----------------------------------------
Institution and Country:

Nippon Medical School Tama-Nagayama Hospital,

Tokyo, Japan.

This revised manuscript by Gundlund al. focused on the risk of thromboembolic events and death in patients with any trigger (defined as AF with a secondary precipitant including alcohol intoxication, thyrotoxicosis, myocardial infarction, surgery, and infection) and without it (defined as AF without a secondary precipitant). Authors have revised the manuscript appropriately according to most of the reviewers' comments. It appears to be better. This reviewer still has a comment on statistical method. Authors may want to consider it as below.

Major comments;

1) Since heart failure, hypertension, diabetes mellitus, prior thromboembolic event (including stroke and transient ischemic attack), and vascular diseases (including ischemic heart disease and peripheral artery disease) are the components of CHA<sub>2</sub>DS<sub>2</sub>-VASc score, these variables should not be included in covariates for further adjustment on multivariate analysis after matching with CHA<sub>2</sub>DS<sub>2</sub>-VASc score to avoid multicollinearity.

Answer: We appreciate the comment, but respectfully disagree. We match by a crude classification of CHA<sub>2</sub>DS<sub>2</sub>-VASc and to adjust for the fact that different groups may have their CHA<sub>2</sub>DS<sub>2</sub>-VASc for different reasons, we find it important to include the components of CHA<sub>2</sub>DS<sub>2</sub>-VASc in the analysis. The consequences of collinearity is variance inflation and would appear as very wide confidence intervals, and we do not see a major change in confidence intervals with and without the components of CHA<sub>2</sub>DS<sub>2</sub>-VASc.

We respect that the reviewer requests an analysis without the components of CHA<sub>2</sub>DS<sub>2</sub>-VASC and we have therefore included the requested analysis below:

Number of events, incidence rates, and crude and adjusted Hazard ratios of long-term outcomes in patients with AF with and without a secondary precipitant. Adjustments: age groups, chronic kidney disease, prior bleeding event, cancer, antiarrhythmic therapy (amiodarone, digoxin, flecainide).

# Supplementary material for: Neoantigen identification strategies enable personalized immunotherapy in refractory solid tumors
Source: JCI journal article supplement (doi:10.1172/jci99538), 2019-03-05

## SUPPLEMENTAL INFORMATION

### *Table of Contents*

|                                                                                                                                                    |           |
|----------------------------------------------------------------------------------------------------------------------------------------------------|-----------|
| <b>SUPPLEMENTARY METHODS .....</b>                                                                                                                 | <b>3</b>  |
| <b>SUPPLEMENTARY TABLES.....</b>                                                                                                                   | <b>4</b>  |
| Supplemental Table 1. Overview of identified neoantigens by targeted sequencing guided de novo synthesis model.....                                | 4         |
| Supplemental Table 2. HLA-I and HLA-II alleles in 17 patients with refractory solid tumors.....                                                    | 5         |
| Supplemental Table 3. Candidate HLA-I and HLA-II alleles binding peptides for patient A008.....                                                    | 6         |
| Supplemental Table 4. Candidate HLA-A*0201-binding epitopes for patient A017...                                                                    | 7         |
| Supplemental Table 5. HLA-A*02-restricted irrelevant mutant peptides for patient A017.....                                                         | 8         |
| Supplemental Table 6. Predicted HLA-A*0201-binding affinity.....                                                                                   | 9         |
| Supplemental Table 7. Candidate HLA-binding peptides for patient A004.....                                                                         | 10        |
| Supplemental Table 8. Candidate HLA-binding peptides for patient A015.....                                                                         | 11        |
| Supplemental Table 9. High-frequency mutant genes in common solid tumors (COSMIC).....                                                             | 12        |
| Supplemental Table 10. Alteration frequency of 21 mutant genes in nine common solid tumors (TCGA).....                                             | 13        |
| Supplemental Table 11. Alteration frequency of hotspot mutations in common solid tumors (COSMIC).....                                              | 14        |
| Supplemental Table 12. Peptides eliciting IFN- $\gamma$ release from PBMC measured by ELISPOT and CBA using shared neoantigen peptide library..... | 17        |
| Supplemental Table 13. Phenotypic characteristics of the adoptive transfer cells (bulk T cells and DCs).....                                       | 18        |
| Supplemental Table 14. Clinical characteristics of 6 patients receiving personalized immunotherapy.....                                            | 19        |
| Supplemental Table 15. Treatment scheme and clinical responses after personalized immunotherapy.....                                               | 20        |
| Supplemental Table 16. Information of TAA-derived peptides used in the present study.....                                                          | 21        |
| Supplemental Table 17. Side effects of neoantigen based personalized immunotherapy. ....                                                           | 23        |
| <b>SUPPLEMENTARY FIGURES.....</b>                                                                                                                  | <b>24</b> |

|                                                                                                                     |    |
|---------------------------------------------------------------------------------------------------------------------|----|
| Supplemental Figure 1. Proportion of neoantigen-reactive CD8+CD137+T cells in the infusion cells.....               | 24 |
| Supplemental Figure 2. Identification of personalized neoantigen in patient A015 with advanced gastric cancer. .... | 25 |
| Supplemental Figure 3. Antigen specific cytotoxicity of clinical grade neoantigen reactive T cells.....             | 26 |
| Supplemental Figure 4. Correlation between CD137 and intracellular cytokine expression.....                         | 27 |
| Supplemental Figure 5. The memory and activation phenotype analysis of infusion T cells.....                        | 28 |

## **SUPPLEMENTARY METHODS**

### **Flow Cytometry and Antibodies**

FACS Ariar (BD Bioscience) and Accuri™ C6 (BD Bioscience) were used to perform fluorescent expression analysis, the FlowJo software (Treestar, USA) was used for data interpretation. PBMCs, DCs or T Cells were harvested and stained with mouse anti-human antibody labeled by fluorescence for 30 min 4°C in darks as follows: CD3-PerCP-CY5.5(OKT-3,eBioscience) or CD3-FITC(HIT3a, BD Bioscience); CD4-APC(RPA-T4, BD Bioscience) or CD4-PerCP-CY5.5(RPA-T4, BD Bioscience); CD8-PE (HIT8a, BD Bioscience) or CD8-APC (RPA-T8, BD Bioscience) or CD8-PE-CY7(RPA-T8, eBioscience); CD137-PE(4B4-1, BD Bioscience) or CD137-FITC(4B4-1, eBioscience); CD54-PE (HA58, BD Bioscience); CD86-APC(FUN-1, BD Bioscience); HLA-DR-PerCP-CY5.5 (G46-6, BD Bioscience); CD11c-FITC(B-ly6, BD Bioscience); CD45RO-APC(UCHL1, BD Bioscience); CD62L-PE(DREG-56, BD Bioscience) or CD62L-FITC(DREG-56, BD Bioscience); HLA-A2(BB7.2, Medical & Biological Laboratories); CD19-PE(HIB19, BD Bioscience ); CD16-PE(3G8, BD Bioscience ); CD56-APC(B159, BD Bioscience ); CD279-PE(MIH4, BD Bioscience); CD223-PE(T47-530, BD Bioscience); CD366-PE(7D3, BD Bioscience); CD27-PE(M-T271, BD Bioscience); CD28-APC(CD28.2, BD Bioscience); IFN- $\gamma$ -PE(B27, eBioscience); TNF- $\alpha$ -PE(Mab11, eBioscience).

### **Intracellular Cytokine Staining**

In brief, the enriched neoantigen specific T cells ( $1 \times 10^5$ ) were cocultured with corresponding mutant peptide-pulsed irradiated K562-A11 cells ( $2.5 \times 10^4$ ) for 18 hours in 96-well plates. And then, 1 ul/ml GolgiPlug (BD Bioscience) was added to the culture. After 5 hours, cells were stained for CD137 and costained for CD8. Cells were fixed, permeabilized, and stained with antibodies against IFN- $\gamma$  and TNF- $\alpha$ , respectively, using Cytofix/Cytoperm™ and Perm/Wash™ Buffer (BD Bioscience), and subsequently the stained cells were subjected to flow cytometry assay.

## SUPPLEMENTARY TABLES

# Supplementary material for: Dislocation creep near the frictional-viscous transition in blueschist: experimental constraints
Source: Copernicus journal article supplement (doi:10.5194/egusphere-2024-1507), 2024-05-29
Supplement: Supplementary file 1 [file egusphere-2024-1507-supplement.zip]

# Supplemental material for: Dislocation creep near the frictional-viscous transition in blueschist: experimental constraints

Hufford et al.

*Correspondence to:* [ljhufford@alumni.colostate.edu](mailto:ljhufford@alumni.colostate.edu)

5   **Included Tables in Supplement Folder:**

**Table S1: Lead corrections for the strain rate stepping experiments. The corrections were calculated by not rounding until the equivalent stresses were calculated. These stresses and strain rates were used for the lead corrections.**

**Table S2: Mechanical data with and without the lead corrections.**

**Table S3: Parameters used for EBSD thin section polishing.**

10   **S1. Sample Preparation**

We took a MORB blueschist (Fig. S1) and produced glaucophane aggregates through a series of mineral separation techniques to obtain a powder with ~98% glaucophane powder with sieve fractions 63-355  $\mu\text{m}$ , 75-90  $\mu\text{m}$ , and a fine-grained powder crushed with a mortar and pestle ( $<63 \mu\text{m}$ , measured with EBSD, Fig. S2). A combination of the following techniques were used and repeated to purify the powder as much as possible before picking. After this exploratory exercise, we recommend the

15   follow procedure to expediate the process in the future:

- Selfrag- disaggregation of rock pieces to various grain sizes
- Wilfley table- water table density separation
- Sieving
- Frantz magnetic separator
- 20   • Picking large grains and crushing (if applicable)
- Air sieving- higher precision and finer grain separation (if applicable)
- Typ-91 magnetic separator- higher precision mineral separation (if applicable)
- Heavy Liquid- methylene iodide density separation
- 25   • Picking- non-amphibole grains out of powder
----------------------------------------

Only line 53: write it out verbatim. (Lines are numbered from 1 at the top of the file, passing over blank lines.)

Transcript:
Hufford et al.